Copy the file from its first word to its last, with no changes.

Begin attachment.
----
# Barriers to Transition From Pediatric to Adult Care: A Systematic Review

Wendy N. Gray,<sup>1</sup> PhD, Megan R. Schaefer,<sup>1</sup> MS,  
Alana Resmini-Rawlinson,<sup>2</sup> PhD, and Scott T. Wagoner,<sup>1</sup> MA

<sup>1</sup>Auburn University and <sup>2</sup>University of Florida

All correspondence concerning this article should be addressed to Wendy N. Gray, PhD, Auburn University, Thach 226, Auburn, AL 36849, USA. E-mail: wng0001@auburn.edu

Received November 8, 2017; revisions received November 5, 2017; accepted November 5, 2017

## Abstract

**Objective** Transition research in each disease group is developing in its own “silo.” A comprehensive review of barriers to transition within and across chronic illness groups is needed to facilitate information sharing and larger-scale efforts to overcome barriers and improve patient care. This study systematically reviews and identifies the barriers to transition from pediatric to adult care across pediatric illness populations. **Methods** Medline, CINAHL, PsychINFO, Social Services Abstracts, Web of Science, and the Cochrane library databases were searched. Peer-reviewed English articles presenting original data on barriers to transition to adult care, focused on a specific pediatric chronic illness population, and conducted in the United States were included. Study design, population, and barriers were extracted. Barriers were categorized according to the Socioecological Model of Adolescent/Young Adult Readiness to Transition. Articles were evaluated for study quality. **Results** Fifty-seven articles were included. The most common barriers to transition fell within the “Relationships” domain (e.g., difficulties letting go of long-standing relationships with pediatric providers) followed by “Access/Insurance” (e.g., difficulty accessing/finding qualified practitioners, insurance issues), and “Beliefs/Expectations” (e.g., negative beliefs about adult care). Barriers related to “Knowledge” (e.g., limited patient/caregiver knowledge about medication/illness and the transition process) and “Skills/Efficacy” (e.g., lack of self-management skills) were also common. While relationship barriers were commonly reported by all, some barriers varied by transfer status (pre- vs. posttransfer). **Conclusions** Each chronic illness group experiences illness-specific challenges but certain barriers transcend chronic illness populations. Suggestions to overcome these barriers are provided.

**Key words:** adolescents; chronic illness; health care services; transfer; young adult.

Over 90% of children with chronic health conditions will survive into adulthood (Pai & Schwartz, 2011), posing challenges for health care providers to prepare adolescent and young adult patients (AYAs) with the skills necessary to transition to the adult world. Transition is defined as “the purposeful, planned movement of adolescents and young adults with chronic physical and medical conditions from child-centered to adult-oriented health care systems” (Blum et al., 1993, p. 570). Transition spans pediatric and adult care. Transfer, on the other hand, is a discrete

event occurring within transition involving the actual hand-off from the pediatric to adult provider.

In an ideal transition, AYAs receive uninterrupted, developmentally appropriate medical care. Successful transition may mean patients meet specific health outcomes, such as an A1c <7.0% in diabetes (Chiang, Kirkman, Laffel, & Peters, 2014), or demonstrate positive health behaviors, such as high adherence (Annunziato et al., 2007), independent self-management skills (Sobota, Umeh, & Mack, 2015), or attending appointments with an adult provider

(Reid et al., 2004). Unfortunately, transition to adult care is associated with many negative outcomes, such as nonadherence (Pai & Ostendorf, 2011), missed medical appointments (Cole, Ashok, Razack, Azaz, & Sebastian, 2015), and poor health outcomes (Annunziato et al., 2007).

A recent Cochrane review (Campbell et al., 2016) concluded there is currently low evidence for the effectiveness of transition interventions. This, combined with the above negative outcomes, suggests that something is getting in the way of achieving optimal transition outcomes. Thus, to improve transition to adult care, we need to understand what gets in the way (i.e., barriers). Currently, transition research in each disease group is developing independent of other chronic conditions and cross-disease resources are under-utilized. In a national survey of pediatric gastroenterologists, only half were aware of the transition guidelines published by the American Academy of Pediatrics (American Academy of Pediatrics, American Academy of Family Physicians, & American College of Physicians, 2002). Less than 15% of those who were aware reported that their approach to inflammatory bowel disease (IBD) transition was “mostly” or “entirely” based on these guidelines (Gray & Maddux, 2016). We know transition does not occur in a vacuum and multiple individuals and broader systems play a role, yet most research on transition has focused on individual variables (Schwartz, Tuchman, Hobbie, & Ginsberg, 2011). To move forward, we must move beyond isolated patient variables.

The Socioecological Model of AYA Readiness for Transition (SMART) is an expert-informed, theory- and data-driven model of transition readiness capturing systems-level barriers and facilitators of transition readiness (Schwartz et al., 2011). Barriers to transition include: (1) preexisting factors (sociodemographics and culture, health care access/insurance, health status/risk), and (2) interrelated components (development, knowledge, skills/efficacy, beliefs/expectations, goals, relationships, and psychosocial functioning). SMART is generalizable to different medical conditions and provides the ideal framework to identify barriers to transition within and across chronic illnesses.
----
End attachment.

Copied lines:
# Barriers to Transition From Pediatric to Adult Care: A Systematic Review

Wendy N. Gray,<sup>1</sup> PhD, Megan R. Schaefer,<sup>1</sup> MS,  
Alana Resmini-Rawlinson,<sup>2</sup> PhD, and Scott T. Wagoner,<sup>1</sup> MA

<sup>1</sup>Auburn University and <sup>2</sup>University of Florida

All correspondence concerning this article should be addressed to Wendy N. Gray, PhD, Auburn University, Thach 226, Auburn, AL 36849, USA. E-mail: wng0001@auburn.edu

Received November 8, 2017; revisions received November 5, 2017; accepted November 5, 2017

## Abstract

**Objective** Transition research in each disease group is developing in its own “silo.” A comprehensive review of barriers to transition within and across chronic illness groups is needed to facilitate information sharing and larger-scale efforts to overcome barriers and improve patient care. This study systematically reviews and identifies the barriers to transition from pediatric to adult care across pediatric illness populations. **Methods** Medline, CINAHL, PsychINFO, Social Services Abstracts, Web of Science, and the Cochrane library databases were searched. Peer-reviewed English articles presenting original data on barriers to transition to adult care, focused on a specific pediatric chronic illness population, and conducted in the United States were included. Study design, population, and barriers were extracted. Barriers were categorized according to the Socioecological Model of Adolescent/Young Adult Readiness to Transition. Articles were evaluated for study quality. **Results** Fifty-seven articles were included. The most common barriers to transition fell within the “Relationships” domain (e.g., difficulties letting go of long-standing relationships with pediatric providers) followed by “Access/Insurance” (e.g., difficulty accessing/finding qualified practitioners, insurance issues), and “Beliefs/Expectations” (e.g., negative beliefs about adult care). Barriers related to “Knowledge” (e.g., limited patient/caregiver knowledge about medication/illness and the transition process) and “Skills/Efficacy” (e.g., lack of self-management skills) were also common. While relationship barriers were commonly reported by all, some barriers varied by transfer status (pre- vs. posttransfer). **Conclusions** Each chronic illness group experiences illness-specific challenges but certain barriers transcend chronic illness populations. Suggestions to overcome these barriers are provided.

**Key words:** adolescents; chronic illness; health care services; transfer; young adult.

Over 90% of children with chronic health conditions will survive into adulthood (Pai & Schwartz, 2011), posing challenges for health care providers to prepare adolescent and young adult patients (AYAs) with the skills necessary to transition to the adult world. Transition is defined as “the purposeful, planned movement of adolescents and young adults with chronic physical and medical conditions from child-centered to adult-oriented health care systems” (Blum et al., 1993, p. 570). Transition spans pediatric and adult care. Transfer, on the other hand, is a discrete

event occurring within transition involving the actual hand-off from the pediatric to adult provider.

In an ideal transition, AYAs receive uninterrupted, developmentally appropriate medical care. Successful transition may mean patients meet specific health outcomes, such as an A1c <7.0% in diabetes (Chiang, Kirkman, Laffel, & Peters, 2014), or demonstrate positive health behaviors, such as high adherence (Annunziato et al., 2007), independent self-management skills (Sobota, Umeh, & Mack, 2015), or attending appointments with an adult provider

(Reid et al., 2004). Unfortunately, transition to adult care is associated with many negative outcomes, such as nonadherence (Pai & Ostendorf, 2011), missed medical appointments (Cole, Ashok, Razack, Azaz, & Sebastian, 2015), and poor health outcomes (Annunziato et al., 2007).

A recent Cochrane review (Campbell et al., 2016) concluded there is currently low evidence for the effectiveness of transition interventions. This, combined with the above negative outcomes, suggests that something is getting in the way of achieving optimal transition outcomes. Thus, to improve transition to adult care, we need to understand what gets in the way (i.e., barriers). Currently, transition research in each disease group is developing independent of other chronic conditions and cross-disease resources are under-utilized. In a national survey of pediatric gastroenterologists, only half were aware of the transition guidelines published by the American Academy of Pediatrics (American Academy of Pediatrics, American Academy of Family Physicians, & American College of Physicians, 2002). Less than 15% of those who were aware reported that their approach to inflammatory bowel disease (IBD) transition was “mostly” or “entirely” based on these guidelines (Gray & Maddux, 2016). We know transition does not occur in a vacuum and multiple individuals and broader systems play a role, yet most research on transition has focused on individual variables (Schwartz, Tuchman, Hobbie, & Ginsberg, 2011). To move forward, we must move beyond isolated patient variables.

The Socioecological Model of AYA Readiness for Transition (SMART) is an expert-informed, theory- and data-driven model of transition readiness capturing systems-level barriers and facilitators of transition readiness (Schwartz et al., 2011). Barriers to transition include: (1) preexisting factors (sociodemographics and culture, health care access/insurance, health status/risk), and (2) interrelated components (development, knowledge, skills/efficacy, beliefs/expectations, goals, relationships, and psychosocial functioning). SMART is generalizable to different medical conditions and provides the ideal framework to identify barriers to transition within and across chronic illnesses.